• The OHRC released Interrupted Childhoods: Over-representation of Indigenous and Black children in Ontario child welfare on April 12, 2018. The report outlines findings from the OHRC’s public interest inquiry into whether First Nations, Métis and Inuit (Indigenous) and Black children are over-represented at children’s aid societies (CASs), particularly in admissions into care. This report confirmed that Indigenous and Black children are over-represented in child welfare across Ontario.
    • The OHRC organized a discussion on June 18, 2018, involving the City of Timmins, key regional institutions, and First Nations and Métis representatives, to discuss establishing a leadership table in Timmins to respond to persistent concerns of systemic racism faced by Indigenous communities. 
    • The OHRC reached a settlement with the City of Mississauga and the Applicant, Bradley Gallant. This settlement addresses the harmful impact of stereotypes on Indigenous youth by requiring Mississauga to remove from its sports facilities all Indigenous-themed mascots, symbols, names and imagery related to non-Indigenous sports organizations. News of this settlement was released on December 13, 2018.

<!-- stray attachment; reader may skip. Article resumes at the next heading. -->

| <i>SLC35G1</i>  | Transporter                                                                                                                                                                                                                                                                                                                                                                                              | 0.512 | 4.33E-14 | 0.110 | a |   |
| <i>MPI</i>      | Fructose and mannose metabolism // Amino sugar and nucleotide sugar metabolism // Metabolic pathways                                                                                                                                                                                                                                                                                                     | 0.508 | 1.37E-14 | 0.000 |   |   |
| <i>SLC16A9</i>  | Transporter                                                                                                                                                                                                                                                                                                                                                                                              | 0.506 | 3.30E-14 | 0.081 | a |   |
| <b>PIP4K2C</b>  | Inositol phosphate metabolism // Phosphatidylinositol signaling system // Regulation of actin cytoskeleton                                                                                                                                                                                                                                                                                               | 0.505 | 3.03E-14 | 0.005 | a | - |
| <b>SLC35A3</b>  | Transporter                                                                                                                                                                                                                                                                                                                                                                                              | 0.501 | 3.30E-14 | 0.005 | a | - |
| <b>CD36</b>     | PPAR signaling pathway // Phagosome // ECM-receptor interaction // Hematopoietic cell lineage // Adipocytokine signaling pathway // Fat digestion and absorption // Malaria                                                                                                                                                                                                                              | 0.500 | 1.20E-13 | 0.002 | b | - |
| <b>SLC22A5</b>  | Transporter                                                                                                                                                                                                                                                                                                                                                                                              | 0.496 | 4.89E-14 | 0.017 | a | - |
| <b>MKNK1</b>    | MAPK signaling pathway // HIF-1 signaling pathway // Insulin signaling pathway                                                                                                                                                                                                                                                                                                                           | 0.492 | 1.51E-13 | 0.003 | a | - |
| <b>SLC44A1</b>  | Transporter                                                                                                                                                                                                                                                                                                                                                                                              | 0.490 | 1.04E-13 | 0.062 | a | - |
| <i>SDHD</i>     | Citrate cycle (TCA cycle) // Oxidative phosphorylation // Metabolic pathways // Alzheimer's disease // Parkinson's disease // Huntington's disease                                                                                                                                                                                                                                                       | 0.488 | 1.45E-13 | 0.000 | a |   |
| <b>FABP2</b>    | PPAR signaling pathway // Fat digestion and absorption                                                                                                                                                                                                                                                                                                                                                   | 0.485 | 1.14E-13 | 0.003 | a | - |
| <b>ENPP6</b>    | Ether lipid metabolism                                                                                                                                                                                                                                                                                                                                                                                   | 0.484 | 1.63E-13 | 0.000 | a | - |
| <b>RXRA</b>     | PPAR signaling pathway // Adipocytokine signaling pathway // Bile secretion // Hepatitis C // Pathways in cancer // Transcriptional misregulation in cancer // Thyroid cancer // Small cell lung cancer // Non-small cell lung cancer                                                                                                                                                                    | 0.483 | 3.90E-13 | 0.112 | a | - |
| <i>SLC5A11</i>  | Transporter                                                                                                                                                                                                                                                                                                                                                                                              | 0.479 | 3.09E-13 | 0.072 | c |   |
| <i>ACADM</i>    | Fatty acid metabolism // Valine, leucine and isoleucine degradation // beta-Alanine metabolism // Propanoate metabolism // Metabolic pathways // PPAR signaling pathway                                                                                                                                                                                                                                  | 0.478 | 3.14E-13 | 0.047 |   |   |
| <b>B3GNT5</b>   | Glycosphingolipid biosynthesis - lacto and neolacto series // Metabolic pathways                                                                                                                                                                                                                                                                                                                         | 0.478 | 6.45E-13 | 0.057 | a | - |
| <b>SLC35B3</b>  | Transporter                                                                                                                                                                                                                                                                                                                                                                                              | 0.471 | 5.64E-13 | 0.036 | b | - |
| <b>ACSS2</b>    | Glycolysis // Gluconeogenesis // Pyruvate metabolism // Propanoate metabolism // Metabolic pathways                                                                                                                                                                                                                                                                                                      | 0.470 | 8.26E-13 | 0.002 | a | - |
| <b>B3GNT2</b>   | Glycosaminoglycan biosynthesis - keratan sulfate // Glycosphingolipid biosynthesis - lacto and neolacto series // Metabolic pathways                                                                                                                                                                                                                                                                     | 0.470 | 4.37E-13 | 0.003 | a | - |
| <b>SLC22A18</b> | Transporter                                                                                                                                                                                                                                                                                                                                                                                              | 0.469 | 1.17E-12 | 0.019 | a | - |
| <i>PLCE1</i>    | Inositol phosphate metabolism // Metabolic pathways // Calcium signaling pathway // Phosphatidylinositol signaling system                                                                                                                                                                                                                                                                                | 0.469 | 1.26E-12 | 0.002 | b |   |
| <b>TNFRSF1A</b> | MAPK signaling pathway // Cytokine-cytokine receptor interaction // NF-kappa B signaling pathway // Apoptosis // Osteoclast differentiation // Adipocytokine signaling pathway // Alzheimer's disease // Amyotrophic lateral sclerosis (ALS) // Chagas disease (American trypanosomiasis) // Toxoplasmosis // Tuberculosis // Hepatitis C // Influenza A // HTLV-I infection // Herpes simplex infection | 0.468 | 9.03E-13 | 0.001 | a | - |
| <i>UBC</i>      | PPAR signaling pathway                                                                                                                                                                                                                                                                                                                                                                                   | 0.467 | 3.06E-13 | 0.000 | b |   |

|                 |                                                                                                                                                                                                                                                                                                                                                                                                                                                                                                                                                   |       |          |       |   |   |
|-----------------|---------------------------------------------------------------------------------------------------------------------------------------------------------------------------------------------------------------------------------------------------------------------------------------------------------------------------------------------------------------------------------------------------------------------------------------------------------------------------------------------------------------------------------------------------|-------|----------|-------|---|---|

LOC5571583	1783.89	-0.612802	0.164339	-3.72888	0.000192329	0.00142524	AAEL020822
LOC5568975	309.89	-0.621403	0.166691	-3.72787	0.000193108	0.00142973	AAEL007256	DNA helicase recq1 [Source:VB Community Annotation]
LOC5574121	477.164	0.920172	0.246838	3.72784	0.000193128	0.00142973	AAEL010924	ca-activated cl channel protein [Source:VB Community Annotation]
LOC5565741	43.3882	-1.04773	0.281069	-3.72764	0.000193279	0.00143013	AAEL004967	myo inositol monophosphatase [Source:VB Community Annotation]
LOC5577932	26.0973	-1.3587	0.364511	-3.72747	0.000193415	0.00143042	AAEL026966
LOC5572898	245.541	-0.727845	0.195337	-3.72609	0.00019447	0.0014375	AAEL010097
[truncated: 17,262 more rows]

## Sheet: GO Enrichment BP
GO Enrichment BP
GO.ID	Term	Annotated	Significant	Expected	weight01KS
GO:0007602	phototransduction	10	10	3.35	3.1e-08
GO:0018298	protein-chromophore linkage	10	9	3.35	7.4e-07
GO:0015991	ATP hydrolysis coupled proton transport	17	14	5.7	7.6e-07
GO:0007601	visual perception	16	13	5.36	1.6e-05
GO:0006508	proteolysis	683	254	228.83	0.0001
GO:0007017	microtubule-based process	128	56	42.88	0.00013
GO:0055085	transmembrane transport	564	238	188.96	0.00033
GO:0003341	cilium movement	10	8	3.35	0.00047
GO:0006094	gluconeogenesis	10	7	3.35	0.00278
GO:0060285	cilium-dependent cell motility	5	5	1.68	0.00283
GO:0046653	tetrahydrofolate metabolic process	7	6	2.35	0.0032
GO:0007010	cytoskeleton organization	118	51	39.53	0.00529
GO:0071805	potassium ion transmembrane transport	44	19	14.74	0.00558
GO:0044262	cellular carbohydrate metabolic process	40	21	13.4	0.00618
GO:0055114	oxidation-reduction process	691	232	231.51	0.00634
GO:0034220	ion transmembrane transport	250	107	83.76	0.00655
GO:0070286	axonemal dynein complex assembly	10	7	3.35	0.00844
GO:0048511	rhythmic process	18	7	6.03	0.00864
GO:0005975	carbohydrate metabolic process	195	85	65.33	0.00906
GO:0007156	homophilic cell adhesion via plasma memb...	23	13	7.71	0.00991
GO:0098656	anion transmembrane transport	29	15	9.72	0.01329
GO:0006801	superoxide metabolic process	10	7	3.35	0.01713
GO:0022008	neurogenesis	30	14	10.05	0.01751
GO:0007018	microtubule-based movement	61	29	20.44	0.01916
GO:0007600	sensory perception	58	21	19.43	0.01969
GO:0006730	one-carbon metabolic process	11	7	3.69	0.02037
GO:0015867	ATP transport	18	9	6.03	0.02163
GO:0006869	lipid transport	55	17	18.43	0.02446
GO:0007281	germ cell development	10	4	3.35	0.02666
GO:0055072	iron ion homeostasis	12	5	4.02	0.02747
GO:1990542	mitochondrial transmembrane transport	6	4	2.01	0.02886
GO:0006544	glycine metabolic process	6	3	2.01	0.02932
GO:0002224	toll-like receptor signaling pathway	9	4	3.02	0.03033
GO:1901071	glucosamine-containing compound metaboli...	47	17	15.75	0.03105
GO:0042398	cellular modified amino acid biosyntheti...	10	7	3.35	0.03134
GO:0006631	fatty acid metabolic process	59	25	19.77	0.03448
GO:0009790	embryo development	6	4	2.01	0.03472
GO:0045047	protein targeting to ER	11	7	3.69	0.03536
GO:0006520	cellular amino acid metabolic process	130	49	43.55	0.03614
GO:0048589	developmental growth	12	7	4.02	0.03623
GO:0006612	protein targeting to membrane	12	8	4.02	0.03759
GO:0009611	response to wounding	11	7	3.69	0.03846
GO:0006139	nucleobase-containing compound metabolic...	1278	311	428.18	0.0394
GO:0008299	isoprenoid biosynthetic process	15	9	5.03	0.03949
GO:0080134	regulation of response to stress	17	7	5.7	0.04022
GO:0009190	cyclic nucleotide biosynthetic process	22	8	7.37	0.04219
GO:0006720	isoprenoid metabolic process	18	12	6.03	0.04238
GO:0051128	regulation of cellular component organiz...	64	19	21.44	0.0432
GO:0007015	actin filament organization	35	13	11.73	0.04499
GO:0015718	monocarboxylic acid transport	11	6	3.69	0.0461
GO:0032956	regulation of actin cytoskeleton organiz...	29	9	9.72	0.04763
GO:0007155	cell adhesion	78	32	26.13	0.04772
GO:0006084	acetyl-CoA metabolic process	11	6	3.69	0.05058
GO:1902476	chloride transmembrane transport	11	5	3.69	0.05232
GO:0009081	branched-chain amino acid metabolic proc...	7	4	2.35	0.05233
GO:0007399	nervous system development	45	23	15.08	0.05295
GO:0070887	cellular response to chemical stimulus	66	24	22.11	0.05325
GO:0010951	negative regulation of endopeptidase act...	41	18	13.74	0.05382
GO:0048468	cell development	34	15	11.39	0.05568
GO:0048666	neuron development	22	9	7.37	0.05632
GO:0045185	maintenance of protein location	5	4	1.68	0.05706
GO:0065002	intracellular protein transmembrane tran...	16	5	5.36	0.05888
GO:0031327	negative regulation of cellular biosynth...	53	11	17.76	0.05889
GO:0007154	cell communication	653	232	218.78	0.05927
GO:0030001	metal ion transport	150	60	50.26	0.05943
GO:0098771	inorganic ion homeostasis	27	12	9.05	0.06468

Deepening the OHRC’s understanding of the UN Declaration on the Rights of Indigenous Peoples
  • The OHRC released To dream together: Indigenous peoples and human rights dialogue report on November 14th. The report summarizes themes and recommendations from the OHRC’s three-day dialogue event (February 21 to 23, 2018), which brought Elders and traditional knowledge keepers, along with academics, leaders, artists, advocates, lawyers, policy makers, and human rights institutions to discuss a vision of human rights that reflects Indigenous perspectives, world views and issues. The report includes specific recommendations participants made for human rights institutions, governments and other community organizations, and prioritizes implementation of the UN Declaration on the Rights of Indigenous Peoples. The dialogue was co-hosted with Osgoode Hall Law School, with in-kind support from the University of Toronto Faculty of Law and the Canadian Race Relations Foundation. The OHRC also hosted a public lecture featuring James Anaya, Dean of the University of Colorado Boulder Law School and former UN Special Rapporteur on the Rights of Indigenous Peoples.

 

Criminal justice system

Leveraging government initiatives related to criminal justice reform
  • The OHRC provided recommendations and ongoing advice to government to inform the Safer Ontario Act and Correctional Transformation and Reintegration Act; two-thirds of the OHRC’s recommendations were adopted in the final legislation.